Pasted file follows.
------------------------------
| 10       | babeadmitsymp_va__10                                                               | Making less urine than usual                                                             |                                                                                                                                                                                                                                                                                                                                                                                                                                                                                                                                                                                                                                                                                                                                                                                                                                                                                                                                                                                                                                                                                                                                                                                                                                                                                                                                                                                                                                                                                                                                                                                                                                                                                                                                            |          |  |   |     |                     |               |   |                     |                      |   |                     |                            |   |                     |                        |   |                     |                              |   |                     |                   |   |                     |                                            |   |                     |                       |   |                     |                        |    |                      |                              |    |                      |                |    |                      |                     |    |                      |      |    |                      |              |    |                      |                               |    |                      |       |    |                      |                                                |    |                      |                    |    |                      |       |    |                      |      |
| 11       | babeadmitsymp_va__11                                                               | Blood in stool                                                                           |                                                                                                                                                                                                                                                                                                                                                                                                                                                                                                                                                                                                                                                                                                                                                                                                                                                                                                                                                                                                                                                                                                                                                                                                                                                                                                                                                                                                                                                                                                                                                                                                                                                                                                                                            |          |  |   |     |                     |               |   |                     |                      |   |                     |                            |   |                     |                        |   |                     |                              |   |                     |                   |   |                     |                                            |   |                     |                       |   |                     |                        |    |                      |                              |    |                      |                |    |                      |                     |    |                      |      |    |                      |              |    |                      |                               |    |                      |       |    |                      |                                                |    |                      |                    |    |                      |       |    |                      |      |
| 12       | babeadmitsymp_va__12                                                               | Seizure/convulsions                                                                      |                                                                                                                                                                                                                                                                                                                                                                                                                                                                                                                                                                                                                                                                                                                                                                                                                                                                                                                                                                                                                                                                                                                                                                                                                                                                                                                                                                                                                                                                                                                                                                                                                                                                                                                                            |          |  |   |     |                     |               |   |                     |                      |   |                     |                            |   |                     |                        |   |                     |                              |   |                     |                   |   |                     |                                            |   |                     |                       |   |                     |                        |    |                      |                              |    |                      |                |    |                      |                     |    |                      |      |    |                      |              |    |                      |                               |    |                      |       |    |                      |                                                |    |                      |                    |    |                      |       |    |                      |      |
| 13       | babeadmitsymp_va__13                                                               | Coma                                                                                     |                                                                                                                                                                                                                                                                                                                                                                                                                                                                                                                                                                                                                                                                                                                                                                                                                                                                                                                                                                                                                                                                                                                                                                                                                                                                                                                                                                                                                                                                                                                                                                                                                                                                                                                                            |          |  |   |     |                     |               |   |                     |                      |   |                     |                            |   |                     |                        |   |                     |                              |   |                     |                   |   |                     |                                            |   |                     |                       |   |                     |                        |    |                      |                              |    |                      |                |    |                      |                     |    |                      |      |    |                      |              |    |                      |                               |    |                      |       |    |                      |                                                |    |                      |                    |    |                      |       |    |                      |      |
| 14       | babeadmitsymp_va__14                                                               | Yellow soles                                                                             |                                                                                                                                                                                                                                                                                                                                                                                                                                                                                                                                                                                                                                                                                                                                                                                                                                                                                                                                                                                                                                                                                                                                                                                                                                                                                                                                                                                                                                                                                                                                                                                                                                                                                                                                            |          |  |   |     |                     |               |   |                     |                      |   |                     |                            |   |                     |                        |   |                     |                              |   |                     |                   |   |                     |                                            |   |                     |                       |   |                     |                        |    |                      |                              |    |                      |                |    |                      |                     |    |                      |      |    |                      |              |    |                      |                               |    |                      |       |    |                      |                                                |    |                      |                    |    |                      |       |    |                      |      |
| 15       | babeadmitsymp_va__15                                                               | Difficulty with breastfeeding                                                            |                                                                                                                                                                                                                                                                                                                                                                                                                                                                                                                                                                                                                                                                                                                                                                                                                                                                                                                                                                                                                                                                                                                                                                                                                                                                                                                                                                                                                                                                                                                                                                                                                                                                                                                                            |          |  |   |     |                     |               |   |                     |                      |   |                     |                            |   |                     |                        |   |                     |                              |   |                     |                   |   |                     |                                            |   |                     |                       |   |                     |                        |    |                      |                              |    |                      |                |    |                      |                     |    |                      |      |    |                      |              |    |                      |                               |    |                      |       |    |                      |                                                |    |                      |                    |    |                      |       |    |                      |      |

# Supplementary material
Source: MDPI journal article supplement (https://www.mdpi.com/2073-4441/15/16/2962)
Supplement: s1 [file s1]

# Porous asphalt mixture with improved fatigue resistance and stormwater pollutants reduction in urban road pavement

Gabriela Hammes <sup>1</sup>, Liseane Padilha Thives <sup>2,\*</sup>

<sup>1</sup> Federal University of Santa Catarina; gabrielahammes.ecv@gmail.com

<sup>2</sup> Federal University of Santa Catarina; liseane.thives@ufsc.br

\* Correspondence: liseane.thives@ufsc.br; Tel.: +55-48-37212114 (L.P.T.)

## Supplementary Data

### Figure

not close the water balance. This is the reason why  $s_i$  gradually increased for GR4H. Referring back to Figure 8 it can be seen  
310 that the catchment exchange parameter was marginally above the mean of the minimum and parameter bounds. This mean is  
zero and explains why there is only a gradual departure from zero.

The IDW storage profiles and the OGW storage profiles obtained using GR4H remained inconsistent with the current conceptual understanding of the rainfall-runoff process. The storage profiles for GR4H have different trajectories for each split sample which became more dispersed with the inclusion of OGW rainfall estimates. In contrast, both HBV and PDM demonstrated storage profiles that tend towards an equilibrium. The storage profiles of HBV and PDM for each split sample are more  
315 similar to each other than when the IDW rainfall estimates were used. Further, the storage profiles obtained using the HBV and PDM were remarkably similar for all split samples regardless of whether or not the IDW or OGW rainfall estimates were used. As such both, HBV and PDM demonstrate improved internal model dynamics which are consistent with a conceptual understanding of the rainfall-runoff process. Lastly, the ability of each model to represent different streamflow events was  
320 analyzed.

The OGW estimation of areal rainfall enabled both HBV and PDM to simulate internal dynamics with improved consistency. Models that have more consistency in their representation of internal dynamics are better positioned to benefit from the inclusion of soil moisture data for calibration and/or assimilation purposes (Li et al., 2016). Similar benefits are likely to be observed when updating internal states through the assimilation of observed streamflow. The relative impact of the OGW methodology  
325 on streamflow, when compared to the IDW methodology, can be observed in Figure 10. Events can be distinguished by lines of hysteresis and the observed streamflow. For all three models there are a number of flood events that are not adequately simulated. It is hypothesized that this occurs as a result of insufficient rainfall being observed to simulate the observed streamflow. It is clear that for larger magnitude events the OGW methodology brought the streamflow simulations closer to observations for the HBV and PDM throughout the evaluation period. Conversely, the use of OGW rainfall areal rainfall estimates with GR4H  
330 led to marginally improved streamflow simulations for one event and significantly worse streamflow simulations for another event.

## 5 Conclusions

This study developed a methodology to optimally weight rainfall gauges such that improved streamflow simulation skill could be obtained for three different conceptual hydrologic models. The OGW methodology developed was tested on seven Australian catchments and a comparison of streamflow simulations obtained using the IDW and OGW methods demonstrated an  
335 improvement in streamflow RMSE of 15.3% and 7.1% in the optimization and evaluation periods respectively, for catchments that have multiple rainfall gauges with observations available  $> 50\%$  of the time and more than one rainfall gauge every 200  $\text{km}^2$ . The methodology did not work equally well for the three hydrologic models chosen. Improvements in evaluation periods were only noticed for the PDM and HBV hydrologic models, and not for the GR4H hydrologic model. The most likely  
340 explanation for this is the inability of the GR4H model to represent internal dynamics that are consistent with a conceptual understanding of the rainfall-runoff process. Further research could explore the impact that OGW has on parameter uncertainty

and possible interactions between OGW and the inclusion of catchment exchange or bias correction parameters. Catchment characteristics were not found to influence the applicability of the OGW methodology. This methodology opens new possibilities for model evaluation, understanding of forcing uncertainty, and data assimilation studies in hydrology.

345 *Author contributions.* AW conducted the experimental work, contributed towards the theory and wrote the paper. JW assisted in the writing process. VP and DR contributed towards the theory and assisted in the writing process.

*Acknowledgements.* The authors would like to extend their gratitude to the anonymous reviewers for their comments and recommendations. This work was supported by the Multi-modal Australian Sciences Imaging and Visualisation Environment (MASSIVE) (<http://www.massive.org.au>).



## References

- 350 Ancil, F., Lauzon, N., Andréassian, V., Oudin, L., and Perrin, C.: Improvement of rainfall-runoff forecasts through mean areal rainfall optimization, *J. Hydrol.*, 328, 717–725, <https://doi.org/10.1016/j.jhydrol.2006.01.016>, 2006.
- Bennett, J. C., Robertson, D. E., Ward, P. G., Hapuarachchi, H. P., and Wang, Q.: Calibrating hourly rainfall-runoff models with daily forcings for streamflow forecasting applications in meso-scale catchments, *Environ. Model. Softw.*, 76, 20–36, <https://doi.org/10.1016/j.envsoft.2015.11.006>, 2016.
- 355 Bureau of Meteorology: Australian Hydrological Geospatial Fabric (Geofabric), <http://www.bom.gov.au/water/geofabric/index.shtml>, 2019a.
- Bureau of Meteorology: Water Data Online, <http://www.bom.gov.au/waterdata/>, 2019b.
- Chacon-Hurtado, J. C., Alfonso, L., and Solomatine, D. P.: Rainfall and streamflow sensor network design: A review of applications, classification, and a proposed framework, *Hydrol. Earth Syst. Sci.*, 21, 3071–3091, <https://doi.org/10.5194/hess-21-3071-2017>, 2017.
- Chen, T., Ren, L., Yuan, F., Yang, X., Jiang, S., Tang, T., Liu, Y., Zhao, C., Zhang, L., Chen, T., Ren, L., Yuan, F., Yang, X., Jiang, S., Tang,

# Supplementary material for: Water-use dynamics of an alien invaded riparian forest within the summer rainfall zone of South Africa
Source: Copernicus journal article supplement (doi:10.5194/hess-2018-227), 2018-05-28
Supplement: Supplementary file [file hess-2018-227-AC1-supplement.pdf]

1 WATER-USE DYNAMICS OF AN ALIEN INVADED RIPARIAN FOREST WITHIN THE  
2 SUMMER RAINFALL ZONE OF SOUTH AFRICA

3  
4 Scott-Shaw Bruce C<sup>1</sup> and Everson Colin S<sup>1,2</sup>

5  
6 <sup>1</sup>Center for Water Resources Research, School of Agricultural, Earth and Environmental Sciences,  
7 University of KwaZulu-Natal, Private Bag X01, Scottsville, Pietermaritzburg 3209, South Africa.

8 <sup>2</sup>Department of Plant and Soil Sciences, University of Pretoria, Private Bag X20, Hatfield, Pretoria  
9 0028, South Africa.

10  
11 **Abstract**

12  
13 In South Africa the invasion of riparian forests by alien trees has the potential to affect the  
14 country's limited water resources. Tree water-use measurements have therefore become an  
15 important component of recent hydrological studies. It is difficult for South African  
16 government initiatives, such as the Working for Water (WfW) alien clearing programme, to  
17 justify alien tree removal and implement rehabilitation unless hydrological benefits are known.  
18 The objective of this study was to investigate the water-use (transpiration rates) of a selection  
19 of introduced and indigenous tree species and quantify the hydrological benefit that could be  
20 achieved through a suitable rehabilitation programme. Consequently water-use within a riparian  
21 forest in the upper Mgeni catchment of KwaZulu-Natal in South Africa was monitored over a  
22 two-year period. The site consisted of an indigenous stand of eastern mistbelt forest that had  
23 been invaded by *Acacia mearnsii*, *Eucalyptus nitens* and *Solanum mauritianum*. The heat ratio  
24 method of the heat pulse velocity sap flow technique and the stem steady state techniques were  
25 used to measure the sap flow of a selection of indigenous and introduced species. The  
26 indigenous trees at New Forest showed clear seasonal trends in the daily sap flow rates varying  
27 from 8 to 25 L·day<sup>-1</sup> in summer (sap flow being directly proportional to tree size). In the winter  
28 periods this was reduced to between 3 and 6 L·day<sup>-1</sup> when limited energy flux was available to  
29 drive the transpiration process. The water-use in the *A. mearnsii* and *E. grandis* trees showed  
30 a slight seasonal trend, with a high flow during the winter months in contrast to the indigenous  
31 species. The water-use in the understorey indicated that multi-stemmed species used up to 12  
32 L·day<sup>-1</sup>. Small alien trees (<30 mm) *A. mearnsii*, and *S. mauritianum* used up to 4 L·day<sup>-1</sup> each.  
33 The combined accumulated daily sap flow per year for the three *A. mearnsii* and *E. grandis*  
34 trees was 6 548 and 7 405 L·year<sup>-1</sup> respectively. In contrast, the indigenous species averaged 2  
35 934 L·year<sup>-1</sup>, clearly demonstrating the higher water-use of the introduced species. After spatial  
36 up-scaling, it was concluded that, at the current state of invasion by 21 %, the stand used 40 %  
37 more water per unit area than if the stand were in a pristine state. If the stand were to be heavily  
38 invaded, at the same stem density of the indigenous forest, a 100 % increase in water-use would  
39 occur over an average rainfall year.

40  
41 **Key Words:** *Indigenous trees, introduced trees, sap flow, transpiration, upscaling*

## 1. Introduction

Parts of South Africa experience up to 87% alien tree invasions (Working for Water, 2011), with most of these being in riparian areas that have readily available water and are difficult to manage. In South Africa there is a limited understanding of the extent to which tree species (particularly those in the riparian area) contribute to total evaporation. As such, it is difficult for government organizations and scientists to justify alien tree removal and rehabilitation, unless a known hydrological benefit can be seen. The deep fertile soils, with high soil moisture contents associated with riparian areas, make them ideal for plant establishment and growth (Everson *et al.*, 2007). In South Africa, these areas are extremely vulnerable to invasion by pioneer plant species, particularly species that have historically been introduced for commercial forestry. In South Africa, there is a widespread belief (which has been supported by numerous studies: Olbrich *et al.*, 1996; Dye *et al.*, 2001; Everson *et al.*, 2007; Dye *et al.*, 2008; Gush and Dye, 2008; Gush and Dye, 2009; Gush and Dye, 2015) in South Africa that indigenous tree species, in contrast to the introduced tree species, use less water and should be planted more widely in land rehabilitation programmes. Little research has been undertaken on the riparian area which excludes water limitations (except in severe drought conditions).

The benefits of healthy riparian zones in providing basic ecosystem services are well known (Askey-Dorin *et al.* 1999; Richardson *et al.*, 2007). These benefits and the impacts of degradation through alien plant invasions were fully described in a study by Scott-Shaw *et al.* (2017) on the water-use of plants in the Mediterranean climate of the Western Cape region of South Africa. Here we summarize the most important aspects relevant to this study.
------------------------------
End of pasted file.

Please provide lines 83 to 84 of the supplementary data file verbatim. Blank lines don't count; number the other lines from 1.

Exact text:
41 **Key Words:** *Indigenous trees, introduced trees, sap flow, transpiration, upscaling*

## 1. Introduction